Thanks to Fr Martin Williams for his final guest post on the Holy Eucharist, this time exploring the theme of Memory
Loss of memory and severe dementia are always tragic, deeply painful, not only to the person concerned, who may lose both their bearings and the very sense of their own identity, but also to their loved-ones, who will experience a sense of loss and even of rejection if they are no longer recognized.
So memory is vitally important and particular memories are very precious. They represent continuity in our lives, a sense of who we are in relation to the people and places who have been important to us.
This is particularly so when a loved-one dies. We treasure our memories of that person, though it is always important to ‘let go’ and ‘move on’ into what is, in effect, a new relationship with that person.
The Church’s memory
Memory is an essential aspect of the Church’s life, above all in the celebration of Mass. “Do this in memory of me”, said Jesus on the night before he died on the cross. When the Church does this at the altar, she is not so much remembering an historical person, or a series of events associated with him – although Jesus is an historical person, indeed the centre and meaning of all human history – but she is being mindful of the present Reality: Jesus Christ, the Son of God, crucified and risen and ascended into heavenly glory.
This ‘remembering’ is the work of the Holy Spirit, who makes present to us all that God has done for us in Christ, and gives us a foretaste of heaven and the kingdom of God. It is as though we were allowed a share in God’s own ‘memory’, to which we and all time and all creation is simultaneously present!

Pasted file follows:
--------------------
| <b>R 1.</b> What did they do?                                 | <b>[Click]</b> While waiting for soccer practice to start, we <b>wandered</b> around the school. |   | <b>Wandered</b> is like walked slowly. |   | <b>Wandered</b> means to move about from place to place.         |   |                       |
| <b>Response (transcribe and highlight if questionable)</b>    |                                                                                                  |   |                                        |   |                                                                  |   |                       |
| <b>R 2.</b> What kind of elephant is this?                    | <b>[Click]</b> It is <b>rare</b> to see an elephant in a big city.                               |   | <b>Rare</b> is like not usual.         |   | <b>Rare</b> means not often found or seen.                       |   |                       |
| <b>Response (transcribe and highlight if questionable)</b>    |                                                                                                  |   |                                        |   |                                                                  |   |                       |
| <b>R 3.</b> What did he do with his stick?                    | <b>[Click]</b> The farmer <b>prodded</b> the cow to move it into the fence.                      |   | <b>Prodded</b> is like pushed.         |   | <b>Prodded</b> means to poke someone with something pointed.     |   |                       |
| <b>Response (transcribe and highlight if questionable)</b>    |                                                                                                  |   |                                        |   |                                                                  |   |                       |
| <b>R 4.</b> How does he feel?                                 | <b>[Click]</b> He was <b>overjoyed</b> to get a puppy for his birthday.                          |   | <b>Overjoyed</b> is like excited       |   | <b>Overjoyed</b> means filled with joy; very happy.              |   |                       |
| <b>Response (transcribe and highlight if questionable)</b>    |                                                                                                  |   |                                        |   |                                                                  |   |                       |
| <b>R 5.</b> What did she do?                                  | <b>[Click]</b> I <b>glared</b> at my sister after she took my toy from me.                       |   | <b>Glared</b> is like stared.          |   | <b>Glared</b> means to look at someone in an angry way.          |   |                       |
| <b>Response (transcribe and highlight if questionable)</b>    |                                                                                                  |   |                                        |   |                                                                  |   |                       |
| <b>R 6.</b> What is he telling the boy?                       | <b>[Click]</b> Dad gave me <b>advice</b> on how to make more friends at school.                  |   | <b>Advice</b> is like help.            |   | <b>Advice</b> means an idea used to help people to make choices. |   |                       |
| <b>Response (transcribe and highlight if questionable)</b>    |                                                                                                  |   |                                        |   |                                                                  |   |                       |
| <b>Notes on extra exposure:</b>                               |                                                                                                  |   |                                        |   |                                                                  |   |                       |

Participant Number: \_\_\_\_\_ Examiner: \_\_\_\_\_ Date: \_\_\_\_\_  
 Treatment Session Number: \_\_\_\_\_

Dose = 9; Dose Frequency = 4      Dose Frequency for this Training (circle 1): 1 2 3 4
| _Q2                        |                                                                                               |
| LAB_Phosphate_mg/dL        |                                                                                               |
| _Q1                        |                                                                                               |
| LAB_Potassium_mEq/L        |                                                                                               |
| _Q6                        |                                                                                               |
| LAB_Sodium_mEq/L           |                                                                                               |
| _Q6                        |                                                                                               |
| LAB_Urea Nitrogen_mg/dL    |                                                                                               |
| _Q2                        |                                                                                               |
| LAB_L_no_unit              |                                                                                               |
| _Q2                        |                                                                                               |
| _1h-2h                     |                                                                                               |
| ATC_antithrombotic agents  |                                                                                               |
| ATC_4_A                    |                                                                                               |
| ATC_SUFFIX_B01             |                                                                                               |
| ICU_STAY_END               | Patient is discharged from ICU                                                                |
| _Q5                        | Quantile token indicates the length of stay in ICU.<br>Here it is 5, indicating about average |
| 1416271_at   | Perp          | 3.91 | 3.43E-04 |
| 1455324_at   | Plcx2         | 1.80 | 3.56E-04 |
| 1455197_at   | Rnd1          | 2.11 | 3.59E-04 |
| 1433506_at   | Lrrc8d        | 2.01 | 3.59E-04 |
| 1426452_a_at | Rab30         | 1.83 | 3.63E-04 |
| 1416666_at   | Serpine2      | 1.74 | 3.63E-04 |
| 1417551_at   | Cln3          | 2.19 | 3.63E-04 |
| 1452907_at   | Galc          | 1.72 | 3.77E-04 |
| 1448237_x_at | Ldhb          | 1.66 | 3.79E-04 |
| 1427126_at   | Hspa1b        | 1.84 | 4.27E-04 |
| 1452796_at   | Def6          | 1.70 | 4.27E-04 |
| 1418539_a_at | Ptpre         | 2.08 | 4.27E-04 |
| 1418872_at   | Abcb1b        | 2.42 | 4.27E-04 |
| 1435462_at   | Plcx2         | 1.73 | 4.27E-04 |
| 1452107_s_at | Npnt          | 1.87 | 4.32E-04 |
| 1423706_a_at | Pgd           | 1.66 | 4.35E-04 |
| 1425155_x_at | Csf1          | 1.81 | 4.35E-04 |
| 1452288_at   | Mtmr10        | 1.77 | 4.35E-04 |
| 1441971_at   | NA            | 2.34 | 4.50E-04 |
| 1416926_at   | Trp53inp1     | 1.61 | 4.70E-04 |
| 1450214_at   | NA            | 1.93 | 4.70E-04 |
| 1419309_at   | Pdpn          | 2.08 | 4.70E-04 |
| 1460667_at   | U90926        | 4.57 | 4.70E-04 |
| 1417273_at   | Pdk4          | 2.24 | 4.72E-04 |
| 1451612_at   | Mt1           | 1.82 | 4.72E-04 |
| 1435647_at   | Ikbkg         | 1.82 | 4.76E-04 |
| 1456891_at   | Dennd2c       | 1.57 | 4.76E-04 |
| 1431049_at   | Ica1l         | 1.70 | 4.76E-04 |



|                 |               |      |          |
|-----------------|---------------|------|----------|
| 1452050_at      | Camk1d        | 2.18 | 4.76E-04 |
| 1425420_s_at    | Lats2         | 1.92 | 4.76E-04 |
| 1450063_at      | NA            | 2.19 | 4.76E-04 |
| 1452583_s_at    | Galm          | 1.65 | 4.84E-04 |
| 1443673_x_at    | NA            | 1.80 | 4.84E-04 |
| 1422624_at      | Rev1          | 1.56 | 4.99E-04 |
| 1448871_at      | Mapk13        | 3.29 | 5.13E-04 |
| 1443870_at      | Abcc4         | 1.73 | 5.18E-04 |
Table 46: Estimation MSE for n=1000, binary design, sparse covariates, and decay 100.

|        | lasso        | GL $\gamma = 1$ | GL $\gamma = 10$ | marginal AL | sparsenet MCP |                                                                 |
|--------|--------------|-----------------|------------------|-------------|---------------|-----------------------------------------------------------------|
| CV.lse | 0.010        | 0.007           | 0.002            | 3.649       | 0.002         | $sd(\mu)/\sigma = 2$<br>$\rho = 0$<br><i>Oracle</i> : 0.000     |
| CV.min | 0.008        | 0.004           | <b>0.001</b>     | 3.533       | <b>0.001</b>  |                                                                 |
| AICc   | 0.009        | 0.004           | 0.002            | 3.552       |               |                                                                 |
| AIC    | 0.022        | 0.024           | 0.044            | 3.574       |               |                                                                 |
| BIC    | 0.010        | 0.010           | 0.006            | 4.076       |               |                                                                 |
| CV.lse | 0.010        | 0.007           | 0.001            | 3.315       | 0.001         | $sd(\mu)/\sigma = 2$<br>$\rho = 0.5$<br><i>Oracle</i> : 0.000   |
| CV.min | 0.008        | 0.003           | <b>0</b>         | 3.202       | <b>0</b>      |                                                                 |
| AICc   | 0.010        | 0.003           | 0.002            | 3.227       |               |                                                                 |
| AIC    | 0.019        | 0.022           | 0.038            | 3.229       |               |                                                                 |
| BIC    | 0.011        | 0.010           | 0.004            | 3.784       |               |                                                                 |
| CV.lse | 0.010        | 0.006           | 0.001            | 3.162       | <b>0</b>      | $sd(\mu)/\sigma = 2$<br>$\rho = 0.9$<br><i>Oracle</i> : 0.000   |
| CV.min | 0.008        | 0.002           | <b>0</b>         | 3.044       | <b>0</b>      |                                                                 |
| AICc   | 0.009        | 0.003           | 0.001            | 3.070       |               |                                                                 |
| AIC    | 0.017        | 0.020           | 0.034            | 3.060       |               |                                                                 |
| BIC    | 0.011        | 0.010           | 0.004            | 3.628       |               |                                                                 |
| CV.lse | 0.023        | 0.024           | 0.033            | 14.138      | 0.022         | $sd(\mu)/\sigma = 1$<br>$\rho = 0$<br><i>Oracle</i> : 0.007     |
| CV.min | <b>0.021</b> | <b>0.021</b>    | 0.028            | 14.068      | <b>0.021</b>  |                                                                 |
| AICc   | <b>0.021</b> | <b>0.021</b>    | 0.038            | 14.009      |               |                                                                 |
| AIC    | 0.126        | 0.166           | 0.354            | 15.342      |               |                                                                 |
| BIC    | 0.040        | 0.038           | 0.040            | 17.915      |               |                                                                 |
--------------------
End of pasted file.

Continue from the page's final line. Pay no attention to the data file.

In the Liturgy of the Word, in the first part of the Mass, we are reminded of some aspects of God’s work in creation and redemption and above all of the promise of his kingdom. In the holy gospel we ‘see’ Christ himself and hear him speaking to us here and now. It is above all of Him that we are being reminded, with the aim of deeper communion with him in Word and Sacrament.
An eye opener
And to remember him is to remember who we are, the Church, Christ’s Body, of which we are individually members, each with our unique part to play in her life. So the celebration of Mass is not an isolated act of remembrance, but an ‘eye-opener’, a window on Reality, a mirror held up to me to tell me who I really am, the child of God, a member of Christ, an inheritor by the Holy Spirit of the Kingdom of God.
Let us not be like that man referred to by St James in his epistle ( 1, 23-24), who looks intently at his natural face in a mirror – and goes away and at once forgets what he was like!
In a society forgetful of God, the Church’s celebration of the Eucharist remembers him as the ultimate Reality, the Creator and Sustainer of the universe and the Redeemer of all humanity. At the same time she remembers her own identity as the People of God, the Body of Christ, the Temple of the Holy Spirit.